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By Olly, a MBP Kianjavato Volunteer

The rainy season proper has now begun. Each night it rains – sometimes lightly in bursts, sometimes lightly all night, sometimes in breathtakingly heavily in bursts, and sometimes breathtakingly heavily all night. This latter combination happened last weekend, with the result that the large river flowing all through this area was engorged to the point of being 10 or 12 foot higher than normal. Thus swollen, it swallowed up the bridge we use to get to work each day. When we arrived at the site on Monday morning, we found the river now lower and a little calmer, but the bridge had disappeared. The two metal cages filled with stones, placed in an obviously unsuccessful attempt to protect the bridge when it was originally built, and each weighing at least a tonne, had been moved several meters downstream.




Returning the next day, this time armed with planks, we made a makeshift bridge and wobbled our way across. Crossing a bridge one plank wide above water filled with faeces isn’t, at the best of times, all that easy. Complicating matters further was the fact that Mary and I have to cycle home from work, and that our bikes needed to be on the far side of the river. Further, the bridge itself needed to be on the far side of the river, to avoid our precious planks being washed away.

This meant that…


…We first had to cross…


…then carry the bikes over the planks…


…before carrying the first plank and dragging that one across too..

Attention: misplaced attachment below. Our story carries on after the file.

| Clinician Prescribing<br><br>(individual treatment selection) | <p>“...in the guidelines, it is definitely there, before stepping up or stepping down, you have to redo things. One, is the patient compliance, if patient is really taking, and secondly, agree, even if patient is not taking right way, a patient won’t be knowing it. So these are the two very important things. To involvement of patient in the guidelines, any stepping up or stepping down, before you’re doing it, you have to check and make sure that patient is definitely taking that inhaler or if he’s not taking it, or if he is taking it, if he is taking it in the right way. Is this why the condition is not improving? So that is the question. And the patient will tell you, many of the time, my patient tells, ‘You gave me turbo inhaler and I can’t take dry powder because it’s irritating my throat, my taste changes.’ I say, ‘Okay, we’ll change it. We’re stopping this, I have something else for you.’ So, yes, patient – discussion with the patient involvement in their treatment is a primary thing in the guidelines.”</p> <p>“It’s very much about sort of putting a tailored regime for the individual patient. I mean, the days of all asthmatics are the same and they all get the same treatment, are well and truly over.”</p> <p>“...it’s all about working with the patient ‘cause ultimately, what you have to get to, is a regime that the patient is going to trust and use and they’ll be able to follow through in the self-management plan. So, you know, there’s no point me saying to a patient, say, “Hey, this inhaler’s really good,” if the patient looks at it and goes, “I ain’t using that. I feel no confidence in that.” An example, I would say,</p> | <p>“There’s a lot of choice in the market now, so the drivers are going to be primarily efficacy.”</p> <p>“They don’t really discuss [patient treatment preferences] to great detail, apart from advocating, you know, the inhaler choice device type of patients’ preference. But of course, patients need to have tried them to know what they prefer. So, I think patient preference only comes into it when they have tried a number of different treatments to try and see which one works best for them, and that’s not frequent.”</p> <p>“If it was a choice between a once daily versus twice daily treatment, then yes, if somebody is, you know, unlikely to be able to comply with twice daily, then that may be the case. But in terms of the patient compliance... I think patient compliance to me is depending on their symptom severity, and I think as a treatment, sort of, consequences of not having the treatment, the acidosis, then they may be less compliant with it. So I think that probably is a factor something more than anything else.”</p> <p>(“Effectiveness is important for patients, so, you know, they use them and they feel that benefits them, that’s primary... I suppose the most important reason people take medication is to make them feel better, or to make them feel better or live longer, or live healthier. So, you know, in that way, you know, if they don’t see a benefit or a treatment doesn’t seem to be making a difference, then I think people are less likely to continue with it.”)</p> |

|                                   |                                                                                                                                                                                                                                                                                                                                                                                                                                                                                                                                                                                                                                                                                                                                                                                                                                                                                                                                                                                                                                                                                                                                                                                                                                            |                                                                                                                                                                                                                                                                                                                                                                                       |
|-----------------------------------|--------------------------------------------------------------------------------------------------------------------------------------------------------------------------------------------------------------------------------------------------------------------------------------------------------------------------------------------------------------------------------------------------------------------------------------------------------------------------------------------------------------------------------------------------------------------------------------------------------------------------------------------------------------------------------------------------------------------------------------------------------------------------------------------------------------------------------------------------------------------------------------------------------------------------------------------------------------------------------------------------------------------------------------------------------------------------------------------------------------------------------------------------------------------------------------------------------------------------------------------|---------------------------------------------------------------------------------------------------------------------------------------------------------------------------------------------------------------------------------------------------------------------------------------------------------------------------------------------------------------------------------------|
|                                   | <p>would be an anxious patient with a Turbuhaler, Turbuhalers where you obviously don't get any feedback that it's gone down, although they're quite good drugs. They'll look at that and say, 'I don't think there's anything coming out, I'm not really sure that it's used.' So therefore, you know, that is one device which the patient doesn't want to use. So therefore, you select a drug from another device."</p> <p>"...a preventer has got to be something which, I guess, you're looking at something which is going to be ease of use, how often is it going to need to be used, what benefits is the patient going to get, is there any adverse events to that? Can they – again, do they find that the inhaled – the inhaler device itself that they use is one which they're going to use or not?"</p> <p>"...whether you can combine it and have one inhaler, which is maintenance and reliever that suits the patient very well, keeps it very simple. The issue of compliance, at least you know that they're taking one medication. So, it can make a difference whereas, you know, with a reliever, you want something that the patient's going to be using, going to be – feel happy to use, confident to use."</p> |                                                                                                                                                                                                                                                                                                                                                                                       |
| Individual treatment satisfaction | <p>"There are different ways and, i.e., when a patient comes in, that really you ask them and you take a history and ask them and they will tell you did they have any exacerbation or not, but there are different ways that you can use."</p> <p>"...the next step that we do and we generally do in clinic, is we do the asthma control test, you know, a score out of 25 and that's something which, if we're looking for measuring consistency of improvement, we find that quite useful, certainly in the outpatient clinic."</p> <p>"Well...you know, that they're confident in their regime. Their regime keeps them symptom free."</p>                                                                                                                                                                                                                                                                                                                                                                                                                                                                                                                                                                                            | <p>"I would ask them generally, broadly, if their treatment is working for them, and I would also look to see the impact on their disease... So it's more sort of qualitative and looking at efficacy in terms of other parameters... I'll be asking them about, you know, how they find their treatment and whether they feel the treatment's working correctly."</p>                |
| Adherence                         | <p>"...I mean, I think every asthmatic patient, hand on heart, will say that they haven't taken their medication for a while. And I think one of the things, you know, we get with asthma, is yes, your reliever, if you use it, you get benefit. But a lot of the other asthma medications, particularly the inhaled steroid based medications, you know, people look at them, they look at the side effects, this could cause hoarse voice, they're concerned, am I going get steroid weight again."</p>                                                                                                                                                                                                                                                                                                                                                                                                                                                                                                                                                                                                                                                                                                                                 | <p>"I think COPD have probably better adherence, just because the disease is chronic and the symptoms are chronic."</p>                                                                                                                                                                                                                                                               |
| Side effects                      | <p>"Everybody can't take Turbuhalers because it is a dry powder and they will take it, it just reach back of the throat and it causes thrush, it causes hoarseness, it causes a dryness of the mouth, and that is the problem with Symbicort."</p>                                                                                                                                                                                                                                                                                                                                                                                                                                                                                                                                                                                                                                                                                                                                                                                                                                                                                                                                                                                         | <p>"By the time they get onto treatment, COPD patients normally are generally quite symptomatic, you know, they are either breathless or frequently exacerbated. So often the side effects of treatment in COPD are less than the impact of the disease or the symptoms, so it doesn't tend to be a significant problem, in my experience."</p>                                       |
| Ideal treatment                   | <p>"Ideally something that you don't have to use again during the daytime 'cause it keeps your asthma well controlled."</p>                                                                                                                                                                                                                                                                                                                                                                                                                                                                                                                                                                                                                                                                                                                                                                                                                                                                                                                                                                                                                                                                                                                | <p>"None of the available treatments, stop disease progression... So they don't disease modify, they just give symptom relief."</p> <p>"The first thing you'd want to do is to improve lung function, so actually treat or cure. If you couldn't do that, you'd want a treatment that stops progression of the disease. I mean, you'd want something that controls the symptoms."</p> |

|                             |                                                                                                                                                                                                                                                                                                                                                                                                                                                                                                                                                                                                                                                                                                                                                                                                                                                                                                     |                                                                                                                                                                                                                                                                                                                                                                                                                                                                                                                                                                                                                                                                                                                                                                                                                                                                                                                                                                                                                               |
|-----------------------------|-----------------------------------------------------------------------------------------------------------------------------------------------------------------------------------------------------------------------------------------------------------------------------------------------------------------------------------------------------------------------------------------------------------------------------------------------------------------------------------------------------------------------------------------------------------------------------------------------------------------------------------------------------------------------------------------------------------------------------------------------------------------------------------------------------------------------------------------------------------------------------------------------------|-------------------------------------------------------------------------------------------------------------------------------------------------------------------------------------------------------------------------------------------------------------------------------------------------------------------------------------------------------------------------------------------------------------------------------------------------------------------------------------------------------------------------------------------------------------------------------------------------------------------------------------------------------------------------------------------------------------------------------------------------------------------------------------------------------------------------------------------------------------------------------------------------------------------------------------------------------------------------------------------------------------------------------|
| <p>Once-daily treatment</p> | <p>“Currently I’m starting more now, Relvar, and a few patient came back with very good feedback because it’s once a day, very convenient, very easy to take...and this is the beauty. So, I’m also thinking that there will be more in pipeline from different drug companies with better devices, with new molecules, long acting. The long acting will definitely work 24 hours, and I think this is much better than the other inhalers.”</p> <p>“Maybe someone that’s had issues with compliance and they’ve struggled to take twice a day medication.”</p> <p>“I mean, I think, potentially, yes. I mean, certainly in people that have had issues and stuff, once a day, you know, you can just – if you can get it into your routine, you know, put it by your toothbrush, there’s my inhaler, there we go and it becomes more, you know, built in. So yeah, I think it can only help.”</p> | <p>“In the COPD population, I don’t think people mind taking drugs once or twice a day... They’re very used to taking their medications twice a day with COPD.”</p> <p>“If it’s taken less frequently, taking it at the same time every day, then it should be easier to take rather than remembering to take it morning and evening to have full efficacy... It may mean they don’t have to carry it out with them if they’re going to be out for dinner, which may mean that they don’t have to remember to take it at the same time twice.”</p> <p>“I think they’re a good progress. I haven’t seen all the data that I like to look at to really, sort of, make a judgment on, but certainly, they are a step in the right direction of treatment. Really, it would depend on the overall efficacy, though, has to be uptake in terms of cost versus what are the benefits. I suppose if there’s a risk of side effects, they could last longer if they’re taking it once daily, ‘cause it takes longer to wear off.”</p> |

All terribly exciting, as I’m sure you’ll agree. Nothing more exhilarating than the threat of cholera at 6 in the morning…

Within a few days, a more substantial replacement had been built. However, just after it was completed, a more substantial rain cloud appeared, releasing over 7 inches of rain in less than 10 hours. Once again the bridge was washed away; though this time some enterprising FOFIFA worker had tied it to the concrete section with metal wire, meaning it didn’t go too far. Combined with some bamboo poles and a couple of felled trees, another make-shift bridge was formed.




Across this we all tottered, as nothing trivial as hundreds of tons of torrenting water could stop us getting to our lemurs…

The waters have now receded, and the bridge repositioned to the position a bridge should be in, with both sides attached more thoroughly. This new set-up has yet to be tested by heavy rain; we have our fingers crossed it will survive!


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